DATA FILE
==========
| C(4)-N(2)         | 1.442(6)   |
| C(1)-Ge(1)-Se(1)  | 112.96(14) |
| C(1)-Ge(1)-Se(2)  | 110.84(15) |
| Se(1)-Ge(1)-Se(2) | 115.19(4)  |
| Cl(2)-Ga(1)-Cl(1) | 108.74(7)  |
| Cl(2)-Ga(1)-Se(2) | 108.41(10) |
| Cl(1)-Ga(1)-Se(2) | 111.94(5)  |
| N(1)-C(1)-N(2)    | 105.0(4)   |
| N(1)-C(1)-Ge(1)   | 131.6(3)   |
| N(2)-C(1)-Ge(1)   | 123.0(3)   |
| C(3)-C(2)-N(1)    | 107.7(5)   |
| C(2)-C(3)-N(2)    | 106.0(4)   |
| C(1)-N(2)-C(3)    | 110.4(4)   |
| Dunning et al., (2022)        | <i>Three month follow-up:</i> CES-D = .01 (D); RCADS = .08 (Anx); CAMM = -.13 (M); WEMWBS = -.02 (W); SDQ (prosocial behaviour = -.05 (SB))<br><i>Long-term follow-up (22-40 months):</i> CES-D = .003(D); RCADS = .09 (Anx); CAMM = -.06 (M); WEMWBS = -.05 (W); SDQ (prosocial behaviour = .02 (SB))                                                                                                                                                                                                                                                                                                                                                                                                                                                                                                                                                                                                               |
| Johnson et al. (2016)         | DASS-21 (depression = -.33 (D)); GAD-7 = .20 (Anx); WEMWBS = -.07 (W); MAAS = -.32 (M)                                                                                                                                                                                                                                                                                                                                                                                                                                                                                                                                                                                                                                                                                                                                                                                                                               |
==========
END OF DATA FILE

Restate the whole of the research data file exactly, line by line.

| C(4)-N(2)         | 1.442(6)   |
| C(1)-Ge(1)-Se(1)  | 112.96(14) |
| C(1)-Ge(1)-Se(2)  | 110.84(15) |
| Se(1)-Ge(1)-Se(2) | 115.19(4)  |
| Cl(2)-Ga(1)-Cl(1) | 108.74(7)  |
| Cl(2)-Ga(1)-Se(2) | 108.41(10) |
| Cl(1)-Ga(1)-Se(2) | 111.94(5)  |
| N(1)-C(1)-N(2)    | 105.0(4)   |
| N(1)-C(1)-Ge(1)   | 131.6(3)   |
| N(2)-C(1)-Ge(1)   | 123.0(3)   |
| C(3)-C(2)-N(1)    | 107.7(5)   |
| C(2)-C(3)-N(2)    | 106.0(4)   |
| C(1)-N(2)-C(3)    | 110.4(4)   |
| Dunning et al., (2022)        | <i>Three month follow-up:</i> CES-D = .01 (D); RCADS = .08 (Anx); CAMM = -.13 (M); WEMWBS = -.02 (W); SDQ (prosocial behaviour = -.05 (SB))<br><i>Long-term follow-up (22-40 months):</i> CES-D = .003(D); RCADS = .09 (Anx); CAMM = -.06 (M); WEMWBS = -.05 (W); SDQ (prosocial behaviour = .02 (SB))                                                                                                                                                                                                                                                                                                                                                                                                                                                                                                                                                                                                               |
| Johnson et al. (2016)         | DASS-21 (depression = -.33 (D)); GAD-7 = .20 (Anx); WEMWBS = -.07 (W); MAAS = -.32 (M)                                                                                                                                                                                                                                                                                                                                                                                                                                                                                                                                                                                                                                                                                                                                                                                                                               |